Project Coordinator (EU) :Sorbonne University
Country of the EU Coordinator :France
Organisation Type :Academia
Project participants :
The Principal Interface Timur Friedman is a faculty member at Sorbonne Université, and a member of the LIP6 and LINCS computer science laboratories. His research expertise is in the area of internet measurements.
The principal technical work on the project is carried out by Berat Senel, currently a research engineer at Sorbonne Université, where he is principal developer of EdgeNet.
US Principal Investigators are Justin Cappos, an associate professor in the Computer Science and Engineering department at New York University's Tandon School of Engineering, and Rick McGeer holds a Ph.D. from the University of California (UC) Berkeley
State of US partner :New York
Starting date :
CacheCash Experiment on EdgeNet
Delivery of large chunks of content, such as video, accounts for a substantial percentage of all internet traffic. Such content, when distributed by large corporations, benefits from CDNs, with nodes hosted by internet service providers (ISPs) providing local service to end users in those ISPs. CacheCash (https://ssl.engineering.nyu.edu/projects#cachecash), the CDN technology under testing by the project, has the potential to change the nature of CDNs by involving the end users themselves directly in serving content through machines that are under their control. Putting users in charge can lead to a wider range of content benefitting from CDNs. CacheCash provides a service in which interested users run caches, and they are incentivised to participate by receiving a crypto-currency (Cachecoin) in exchange for serving content to other users. Both cryptographic and economic analyses demonstrate that the incentives lead CacheCash users to honestly serve content. Analysis has also shown that CacheCash can scale to meet the workload of even the most popular services used today.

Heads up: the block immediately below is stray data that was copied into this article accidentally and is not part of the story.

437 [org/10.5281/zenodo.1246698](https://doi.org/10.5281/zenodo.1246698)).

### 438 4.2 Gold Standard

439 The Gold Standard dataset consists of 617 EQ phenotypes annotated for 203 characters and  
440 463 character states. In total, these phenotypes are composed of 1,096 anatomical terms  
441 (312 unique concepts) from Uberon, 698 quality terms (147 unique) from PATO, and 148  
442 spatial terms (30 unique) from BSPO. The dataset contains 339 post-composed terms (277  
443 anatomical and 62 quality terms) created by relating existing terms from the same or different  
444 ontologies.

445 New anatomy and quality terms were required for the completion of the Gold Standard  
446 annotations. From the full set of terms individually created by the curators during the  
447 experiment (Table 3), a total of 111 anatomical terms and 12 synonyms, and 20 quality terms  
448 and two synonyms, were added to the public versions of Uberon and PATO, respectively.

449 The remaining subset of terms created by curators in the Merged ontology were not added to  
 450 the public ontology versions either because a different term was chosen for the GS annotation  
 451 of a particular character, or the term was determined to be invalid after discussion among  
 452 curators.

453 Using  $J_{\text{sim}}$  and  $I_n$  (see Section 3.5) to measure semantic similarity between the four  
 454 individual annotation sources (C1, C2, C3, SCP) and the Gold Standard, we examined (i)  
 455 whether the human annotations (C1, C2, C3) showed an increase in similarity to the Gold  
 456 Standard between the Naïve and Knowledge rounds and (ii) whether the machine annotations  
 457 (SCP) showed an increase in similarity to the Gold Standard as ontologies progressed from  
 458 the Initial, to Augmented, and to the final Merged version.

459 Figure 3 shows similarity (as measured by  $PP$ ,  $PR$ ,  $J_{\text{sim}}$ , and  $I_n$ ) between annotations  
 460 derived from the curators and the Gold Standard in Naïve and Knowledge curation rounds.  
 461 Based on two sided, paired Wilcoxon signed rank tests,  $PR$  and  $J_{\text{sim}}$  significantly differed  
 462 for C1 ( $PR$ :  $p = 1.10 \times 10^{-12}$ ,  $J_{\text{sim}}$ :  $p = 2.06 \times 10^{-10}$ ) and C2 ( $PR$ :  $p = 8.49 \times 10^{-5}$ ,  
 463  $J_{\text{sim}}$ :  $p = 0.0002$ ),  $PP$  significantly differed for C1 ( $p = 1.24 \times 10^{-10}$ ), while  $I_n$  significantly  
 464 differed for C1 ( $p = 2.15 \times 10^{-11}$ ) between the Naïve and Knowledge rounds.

CacheCash, the CDN technology, will be tested on EdgeNet to evaluate its performance at a distributed edge network. The measurements would present performance results to see if any additional requirements to be handled before running CacheCash at scale by involving the end-users.
The experiment is based on two cutting-edge technologies:
The CacheCash experiment addresses the “Discovery and identification technologies” topic of the call. In testing a new blockchain-based CDN technology, it addresses the topic’s focus on “new methods of search, discovery, and access of large heterogeneous data sources” and “multi-media content”. CacheCash’s focus on end-users addresses the “personalised information retrieval” aspect of the topic, and the evaluation of the efficacy of CacheCash will be in terms of “improved quality of experience”.
The key enabling technology is the edge cloud technology provided by PlanetLab Europe through EdgeNet. Edge cloud nodes are an integral part of the 5G vision. EdgeNet is based on contemporary de facto industry standard technologies Docker and Kubernetes. The EdgeNet cluster consists of approximately 50 nodes located in North America, South America, and Europe. It has been successfully piloted in Fed4FIRE+ open call experiments and is now ready for larger scale experiments engaging real internet users.
There are several ways to look at the innovative aspects of this work. First, the innovative technology we deploy has never been tried at a scale even remotely approaching this. It is unknown how the cryptographic techniques for distributing content securely in a way that economically incentivises cheating will work given the latency, non-transitive connectivity, and scalability constraints of the internet. Further, our effort to use real world software distributed to real world users will provide a basis for understanding how such technology will work in practice and at scale.
To date, most efforts around building distributed data delivery have focused primarily on data storage or on trusted nodes that deliver content. The expected impact of the CacheCash experiment will be to push the boundaries more toward low latency and bandwidth, which are highly valued in the CDN space. The relaxation of trust assumptions in existing platforms also will open up the set of participants. Somewhat counterintuitively, if we are able to demonstrate that high performance can be provided by untrusted nodes, this may enable even CDNs with trusted nodes to have better security as they may alter their architecture to remove trust assumptions without harming performance. By having our experiment be used in a practical deployment by real internet users, we will be able to evaluate the strengths of such approaches, the weaknesses, and to identify research challenges that must be tackled to allow these technologies to become widespread.